While the male erotic brain has been mapped for decades, the female orgasm has remained a mystery, until now.
Researchers at Rutgers University have mapped the female sexual brain for the first time.
The study located the brain regions that respond to stimulation of the clitoris, cervix, vagina and nipples. It found that each erogenous zone was linked to a separate part of the brain, clustered in one region of the skull.
The same region is associated with genital stimulation in men.
Researchers led by Barry R. Komisaruk, B.S., Ph.D., of Rutgers University, used functional magnetic resonance imaging (fMRI) to map sensory cortical responses to clitoral, vaginal, cervical, and nipple self-stimulation in 11 healthy women, ages 23-56.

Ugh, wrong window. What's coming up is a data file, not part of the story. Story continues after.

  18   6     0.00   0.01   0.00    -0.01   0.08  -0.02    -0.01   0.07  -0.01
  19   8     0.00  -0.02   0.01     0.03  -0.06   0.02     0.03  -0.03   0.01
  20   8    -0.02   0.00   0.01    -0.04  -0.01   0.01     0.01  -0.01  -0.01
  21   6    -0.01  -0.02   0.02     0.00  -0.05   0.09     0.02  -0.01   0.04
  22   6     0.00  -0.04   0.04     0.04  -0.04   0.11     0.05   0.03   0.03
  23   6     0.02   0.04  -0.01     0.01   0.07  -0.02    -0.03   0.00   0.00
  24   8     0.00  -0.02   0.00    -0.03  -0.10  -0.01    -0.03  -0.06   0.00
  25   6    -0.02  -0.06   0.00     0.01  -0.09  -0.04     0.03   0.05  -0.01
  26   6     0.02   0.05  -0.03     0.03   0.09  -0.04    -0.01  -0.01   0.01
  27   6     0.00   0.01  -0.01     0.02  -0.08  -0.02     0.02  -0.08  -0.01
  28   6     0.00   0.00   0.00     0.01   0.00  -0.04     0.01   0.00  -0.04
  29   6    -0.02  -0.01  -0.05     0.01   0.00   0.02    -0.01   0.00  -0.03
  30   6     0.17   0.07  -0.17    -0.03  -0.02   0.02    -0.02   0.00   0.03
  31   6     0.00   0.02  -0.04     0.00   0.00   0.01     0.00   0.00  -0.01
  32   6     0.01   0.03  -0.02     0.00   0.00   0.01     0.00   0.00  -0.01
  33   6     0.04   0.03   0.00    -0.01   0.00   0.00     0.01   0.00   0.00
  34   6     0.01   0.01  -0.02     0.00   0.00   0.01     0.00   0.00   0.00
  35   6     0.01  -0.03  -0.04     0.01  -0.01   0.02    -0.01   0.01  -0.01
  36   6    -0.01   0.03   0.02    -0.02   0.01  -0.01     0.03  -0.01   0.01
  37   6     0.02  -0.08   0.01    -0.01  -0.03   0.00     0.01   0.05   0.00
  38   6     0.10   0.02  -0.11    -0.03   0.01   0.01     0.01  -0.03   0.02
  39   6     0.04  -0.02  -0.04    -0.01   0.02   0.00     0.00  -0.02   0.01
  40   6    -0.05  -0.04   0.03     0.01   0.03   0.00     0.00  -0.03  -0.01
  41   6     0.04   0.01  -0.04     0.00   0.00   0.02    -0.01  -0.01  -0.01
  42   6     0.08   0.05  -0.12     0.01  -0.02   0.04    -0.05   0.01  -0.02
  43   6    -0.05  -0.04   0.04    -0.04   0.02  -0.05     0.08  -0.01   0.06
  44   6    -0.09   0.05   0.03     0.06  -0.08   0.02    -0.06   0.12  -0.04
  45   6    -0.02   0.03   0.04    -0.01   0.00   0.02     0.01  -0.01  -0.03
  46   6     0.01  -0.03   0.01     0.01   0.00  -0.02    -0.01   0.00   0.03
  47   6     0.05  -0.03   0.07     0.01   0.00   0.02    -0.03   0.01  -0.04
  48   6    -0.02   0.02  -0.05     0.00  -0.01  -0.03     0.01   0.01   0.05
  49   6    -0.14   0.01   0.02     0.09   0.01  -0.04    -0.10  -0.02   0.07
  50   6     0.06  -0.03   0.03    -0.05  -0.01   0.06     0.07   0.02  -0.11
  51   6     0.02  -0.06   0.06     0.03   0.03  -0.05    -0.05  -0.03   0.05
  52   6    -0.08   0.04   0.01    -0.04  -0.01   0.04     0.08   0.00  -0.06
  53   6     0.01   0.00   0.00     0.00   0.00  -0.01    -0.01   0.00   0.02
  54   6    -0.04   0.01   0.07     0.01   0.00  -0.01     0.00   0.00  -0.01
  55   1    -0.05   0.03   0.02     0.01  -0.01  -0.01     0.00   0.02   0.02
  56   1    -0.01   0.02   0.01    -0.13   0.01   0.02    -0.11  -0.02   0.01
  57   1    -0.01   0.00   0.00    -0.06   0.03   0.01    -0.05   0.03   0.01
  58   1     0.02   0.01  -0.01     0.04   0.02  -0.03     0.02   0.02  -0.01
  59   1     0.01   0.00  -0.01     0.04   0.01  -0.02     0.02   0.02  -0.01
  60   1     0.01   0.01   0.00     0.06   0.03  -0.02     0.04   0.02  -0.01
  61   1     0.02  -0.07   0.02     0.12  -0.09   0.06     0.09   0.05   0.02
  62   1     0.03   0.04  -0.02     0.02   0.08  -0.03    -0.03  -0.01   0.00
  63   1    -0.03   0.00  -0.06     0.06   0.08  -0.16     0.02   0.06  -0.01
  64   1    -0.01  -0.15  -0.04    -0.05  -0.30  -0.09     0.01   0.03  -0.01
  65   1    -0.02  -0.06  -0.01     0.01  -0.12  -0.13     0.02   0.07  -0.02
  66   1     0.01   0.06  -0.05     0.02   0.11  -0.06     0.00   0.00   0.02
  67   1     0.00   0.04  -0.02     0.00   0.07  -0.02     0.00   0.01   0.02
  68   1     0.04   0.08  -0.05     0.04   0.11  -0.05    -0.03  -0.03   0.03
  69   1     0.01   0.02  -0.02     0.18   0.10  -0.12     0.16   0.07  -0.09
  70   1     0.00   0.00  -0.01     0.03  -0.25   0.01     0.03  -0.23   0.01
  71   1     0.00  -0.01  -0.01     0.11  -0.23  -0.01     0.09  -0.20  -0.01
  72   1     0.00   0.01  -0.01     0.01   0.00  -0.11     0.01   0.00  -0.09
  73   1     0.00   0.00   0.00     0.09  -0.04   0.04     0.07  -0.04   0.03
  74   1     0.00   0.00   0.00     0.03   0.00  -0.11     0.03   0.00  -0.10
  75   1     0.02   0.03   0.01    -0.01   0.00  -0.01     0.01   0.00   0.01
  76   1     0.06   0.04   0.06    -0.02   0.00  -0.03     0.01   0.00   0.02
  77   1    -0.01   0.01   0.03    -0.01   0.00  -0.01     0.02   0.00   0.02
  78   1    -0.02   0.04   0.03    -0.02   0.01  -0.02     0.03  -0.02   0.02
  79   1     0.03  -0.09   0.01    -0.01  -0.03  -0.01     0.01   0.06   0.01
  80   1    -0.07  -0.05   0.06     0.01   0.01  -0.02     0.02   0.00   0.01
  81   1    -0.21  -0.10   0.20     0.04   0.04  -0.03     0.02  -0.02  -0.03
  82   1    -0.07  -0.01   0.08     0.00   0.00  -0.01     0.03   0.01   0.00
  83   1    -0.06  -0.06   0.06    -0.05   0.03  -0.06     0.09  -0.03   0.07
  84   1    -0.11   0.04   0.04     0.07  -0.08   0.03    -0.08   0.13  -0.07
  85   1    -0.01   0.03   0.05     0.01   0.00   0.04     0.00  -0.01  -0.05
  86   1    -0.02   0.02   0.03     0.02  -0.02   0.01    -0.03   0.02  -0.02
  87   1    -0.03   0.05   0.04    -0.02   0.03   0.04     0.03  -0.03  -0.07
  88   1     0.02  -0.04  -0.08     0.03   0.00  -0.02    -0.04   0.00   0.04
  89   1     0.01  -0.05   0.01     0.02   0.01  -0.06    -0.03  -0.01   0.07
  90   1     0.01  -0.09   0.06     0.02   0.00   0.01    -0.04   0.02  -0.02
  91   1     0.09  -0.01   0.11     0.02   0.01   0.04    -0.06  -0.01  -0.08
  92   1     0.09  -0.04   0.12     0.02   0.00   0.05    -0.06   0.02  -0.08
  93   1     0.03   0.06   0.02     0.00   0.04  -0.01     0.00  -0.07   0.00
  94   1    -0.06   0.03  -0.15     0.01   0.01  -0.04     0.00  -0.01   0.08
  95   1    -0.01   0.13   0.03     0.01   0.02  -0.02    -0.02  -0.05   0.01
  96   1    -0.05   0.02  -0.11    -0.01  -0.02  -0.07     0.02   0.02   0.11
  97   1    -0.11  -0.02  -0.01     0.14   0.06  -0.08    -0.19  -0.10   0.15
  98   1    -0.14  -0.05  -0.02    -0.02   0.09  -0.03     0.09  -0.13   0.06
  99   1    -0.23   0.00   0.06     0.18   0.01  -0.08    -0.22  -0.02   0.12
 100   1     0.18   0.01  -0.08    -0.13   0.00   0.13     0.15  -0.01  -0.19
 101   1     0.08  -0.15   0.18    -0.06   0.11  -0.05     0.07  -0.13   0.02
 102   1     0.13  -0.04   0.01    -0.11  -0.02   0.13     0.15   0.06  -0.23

Researchers also mapped responses to stimulation of the thumb and great toe.
Results found that stimulation of each of these genital regions in fact produces a significant and strong activation of specific and different sites in the sensory cortex.
Scientists found that nipple self-stimulation activated the same area of the brain associated with the genitals.This lays the groundwork for an understanding of how genital stimulation spreads sequentially through the brain from initial activation of the sensory cortex to eventually activate the brain regions that produce orgasm," Komisaruk concluded.
The study has been published in The Journal of Sexual Medicine.